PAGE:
A paleontologist has suggested that the Earth might be ultimately inhospitable to life, and that life itself might be the primary reason for shutting down Earth as a habitable planet.
In the past 50 years, it has become commonplace to think of Earth as a nurturing place, straining mightily to maintain equilibrium so that life might continue and flourish.
The Gaia hypothesis, named for the ancient Greek goddess of Earth, even put forth the idea that our planet behaves as a kind of giant organism, with its complex systems finely tuned to compensate when one system gets out of kilter.
But actually, it is the Gaia view that is out of kilter, according to Peter Ward, a University of Washington paleontologist.
In a new book, he suggests the planet ultimately is inhospitable to life, and that life itself might be the primary reason.
Rather than Gaia, he invokes the darker Medea from Greek mythology.
"The Medea hypothesis says life is already shutting down Earth as a habitable planet. Not just the diversity of life, but the actual biomass," Ward said. "Life keeps evolving, and there are unintended, often negative, consequences," he added.
In the 208-page book, Ward argues that humans have to use engineering to manage their environment or face potential extinction if the Earth is left to manage itself.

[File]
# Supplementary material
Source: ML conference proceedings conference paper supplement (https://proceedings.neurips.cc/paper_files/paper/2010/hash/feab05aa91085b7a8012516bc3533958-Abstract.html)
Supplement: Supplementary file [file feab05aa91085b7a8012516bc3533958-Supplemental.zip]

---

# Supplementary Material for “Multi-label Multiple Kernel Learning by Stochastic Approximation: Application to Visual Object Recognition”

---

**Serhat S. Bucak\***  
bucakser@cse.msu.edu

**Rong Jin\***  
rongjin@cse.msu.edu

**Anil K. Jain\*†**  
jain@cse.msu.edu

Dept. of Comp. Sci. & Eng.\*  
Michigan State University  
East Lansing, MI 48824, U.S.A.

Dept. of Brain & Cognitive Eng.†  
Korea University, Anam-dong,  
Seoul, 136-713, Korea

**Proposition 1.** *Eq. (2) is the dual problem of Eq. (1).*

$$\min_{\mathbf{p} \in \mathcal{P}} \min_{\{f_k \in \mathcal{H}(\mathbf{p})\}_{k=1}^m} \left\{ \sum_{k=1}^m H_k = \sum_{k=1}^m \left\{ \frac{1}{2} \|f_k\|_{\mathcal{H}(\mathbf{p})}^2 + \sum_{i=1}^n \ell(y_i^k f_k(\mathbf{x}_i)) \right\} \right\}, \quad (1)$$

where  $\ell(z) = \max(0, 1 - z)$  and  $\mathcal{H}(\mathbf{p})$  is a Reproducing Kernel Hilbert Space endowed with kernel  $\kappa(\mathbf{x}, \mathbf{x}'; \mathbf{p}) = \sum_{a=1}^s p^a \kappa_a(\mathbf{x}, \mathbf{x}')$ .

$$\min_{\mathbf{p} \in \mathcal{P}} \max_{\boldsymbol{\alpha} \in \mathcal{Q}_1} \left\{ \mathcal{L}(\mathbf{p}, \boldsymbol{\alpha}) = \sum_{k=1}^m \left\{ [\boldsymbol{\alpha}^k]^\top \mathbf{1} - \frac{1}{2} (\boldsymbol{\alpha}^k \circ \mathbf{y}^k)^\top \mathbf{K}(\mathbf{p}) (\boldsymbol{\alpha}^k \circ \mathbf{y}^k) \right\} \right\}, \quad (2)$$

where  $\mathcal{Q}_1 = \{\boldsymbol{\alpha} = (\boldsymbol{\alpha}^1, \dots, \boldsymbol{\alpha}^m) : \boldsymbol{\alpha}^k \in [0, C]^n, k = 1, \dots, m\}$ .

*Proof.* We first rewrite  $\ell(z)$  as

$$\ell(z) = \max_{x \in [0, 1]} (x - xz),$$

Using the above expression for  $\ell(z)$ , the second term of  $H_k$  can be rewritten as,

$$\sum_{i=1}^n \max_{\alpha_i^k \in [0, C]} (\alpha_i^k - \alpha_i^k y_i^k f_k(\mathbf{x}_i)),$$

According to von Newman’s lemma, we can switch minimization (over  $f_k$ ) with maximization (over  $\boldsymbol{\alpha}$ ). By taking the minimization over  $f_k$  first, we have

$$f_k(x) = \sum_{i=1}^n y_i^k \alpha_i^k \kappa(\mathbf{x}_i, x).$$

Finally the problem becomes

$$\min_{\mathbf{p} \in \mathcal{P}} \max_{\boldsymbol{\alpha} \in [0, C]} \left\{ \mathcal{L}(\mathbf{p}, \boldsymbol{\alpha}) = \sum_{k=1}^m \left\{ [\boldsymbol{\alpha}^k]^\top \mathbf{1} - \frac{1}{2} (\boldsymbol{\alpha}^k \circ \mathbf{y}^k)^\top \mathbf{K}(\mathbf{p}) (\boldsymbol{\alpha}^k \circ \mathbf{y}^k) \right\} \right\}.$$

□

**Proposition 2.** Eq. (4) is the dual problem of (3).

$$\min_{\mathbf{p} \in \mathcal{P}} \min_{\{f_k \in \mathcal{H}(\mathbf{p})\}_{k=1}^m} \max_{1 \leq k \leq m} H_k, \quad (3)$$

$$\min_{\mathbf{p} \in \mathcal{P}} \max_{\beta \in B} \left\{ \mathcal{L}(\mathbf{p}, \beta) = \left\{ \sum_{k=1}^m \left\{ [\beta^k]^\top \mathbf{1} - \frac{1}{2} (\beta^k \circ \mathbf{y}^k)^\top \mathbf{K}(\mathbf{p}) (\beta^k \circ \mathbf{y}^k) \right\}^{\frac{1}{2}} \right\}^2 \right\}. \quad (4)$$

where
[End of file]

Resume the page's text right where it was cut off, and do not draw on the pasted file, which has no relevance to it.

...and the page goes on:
"The engineering I'm talking about is not girders and sky shields. It's engineering microbes to take over food production and energy production," he said.
According to Ward, microbes have undergone evolution, a sort of natural engineering, throughout Earth's history, and humans have the ability to guide such changes to clean the environment, for example, or regulate carbon dioxide (CO2) in the atmosphere.
Currently, CO2 is at 380 parts per million and rising, creating a greenhouse effect that most climate scientists say will greatly increase temperatures around the world, with some severe consequences.
Ward noted that throughout Earth's history, carbon has been stripped from the atmosphere and stored in trees, rocks, even the oceans.
He said those processes will continue until atmospheric CO2 drops to 10 parts per million, a point at which no plants can live.
Once plants are gone, within 20 million years, the oxygen will plummet to 1 percent of the total atmosphere and life as we know it will end.
"Then, you've gotten to a point where it will be forever impossible to get diversity of life back. It will be forever impossible to regain an oxygen-rich atmosphere. That's not Gaia. It's the opposite of Gaia," said Ward.